Once again, I was back to the time when I was eighteen, still wet behind the ears, hoping beyond reasonable hope that I would amount to something in life.  I was afflicted with that good old Jesus-Syndrome. Reading, The Stand is like reading me and about all that has happened during the time that I became what I am today.

 

My favourite characters in the book are Larry Underwood and Nick Andros. The latter is a youngish man who can’t speak nor hear. He is very special in the grand scheme of things. Larry, because he is a tragic figure who is haunted by his own doubtful character. He wants to be good but often does bad things. “You ain’t no good guy!” He hears from women, who would have been complete strangers if he hadn’t have slept with them. I like Larry because he is a little bit like I was when I was young, self-centred, hedonistic, and a dreamer. He wanted  to do the right thing in a world which was not right so, he just went along with it and carved out his own little stretch of land where he could hide from his troubles and the eyes of his critics.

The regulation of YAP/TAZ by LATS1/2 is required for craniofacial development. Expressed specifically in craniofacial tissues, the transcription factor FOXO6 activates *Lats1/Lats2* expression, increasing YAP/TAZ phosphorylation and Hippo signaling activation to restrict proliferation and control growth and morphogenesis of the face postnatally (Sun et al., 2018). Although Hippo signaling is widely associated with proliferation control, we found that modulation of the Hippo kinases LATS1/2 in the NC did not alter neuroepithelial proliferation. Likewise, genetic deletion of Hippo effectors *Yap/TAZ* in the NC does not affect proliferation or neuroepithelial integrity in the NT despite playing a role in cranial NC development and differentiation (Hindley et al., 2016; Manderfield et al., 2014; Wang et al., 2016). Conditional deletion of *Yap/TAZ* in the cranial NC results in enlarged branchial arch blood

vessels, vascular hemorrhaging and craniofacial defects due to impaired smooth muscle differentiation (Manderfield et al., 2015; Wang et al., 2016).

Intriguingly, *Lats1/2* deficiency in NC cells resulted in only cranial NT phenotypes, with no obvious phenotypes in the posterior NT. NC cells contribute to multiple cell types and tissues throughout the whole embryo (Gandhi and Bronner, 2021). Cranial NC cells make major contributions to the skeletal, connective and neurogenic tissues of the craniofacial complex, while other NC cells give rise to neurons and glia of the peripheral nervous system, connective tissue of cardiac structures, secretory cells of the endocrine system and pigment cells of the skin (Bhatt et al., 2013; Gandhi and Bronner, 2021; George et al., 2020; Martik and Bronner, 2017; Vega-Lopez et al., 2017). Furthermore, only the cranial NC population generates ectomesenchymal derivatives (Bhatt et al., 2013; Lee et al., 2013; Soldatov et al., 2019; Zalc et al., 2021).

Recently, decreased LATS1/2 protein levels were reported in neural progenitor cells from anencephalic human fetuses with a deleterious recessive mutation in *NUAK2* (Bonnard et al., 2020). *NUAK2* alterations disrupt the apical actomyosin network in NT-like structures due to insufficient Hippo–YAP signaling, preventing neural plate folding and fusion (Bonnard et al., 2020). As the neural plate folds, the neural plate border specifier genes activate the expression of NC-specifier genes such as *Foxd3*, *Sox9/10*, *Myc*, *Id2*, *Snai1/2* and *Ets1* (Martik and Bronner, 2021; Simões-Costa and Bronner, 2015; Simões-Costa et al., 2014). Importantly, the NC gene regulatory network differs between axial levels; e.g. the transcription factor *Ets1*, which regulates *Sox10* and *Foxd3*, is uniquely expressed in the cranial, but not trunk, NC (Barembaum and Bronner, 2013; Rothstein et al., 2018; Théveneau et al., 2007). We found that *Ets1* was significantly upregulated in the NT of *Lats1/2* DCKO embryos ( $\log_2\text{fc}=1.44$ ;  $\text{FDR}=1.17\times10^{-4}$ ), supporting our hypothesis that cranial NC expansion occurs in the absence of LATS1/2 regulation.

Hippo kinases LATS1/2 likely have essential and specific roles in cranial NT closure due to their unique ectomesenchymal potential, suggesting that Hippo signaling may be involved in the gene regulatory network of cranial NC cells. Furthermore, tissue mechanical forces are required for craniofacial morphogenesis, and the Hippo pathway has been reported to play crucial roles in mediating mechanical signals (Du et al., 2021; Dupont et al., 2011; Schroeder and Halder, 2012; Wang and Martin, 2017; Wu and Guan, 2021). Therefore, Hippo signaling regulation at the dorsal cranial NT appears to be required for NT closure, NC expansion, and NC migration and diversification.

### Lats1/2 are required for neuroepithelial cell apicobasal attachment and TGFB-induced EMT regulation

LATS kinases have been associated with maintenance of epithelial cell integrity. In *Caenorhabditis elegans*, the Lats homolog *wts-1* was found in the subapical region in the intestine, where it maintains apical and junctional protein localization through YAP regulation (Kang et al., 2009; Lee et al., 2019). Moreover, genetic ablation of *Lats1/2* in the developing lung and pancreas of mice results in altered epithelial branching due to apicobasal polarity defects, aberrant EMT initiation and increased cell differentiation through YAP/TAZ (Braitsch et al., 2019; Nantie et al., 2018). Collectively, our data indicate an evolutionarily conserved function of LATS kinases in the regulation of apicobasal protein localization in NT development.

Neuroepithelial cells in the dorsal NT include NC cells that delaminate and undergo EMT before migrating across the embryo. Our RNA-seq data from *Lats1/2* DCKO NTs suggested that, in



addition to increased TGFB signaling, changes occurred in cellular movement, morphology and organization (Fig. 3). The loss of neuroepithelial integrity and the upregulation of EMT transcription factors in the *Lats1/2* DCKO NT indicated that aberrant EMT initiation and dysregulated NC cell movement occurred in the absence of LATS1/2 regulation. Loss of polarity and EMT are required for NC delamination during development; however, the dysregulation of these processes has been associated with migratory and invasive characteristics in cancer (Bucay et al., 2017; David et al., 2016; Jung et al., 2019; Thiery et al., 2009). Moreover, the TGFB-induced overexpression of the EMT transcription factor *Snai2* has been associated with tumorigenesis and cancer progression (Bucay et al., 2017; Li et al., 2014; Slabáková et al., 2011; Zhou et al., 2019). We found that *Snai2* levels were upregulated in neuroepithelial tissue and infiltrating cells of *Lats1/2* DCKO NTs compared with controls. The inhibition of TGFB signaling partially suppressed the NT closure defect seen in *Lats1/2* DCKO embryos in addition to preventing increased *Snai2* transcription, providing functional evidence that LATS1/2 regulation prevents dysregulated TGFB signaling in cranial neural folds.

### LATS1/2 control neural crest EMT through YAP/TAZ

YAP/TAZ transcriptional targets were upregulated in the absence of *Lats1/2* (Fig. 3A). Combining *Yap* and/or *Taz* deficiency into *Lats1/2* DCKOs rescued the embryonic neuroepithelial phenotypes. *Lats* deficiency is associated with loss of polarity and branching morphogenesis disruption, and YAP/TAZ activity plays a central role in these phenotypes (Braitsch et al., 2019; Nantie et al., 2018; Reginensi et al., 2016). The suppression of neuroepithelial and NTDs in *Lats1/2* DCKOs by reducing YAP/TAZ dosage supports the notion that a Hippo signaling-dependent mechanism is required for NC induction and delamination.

Larry is an artist who has struggled to be heard properly. He hasn’t had the breaks and when one sashays his way it is blown away by a combination of genetic engineering and the end of days conducted by Randall Flag. Old Randy is the Devil in-definite-carnate. And poor old Larry, and the rest of the world, are swept away by this janitor from Hell. Larry is a guy who has always been good, at heart, but indifferent in actions. The last stand of good against evil is one in which he will play a major role, surprising himself and others with his bravery and selflessness. At the end of it all, Larry is a “good guy” but dies in the process. So, is this Jesus thing in my DNA or has it been placed there by the writers I worship?

images-34    Randall Flag

If I was a lawyer, I would possibly say that this particular case ought to go to litigation. Through their poetry and prose, these writers have led me all the way along a narrative that quite possibly would not have been written in the same the way that it has turned out. Or is it that I was always predisposed to this type of existence, and that I chose the literature that best reflected me?

 

Thanks goodness that I never liked Jane Austin – although with zombies it is a lovely treat.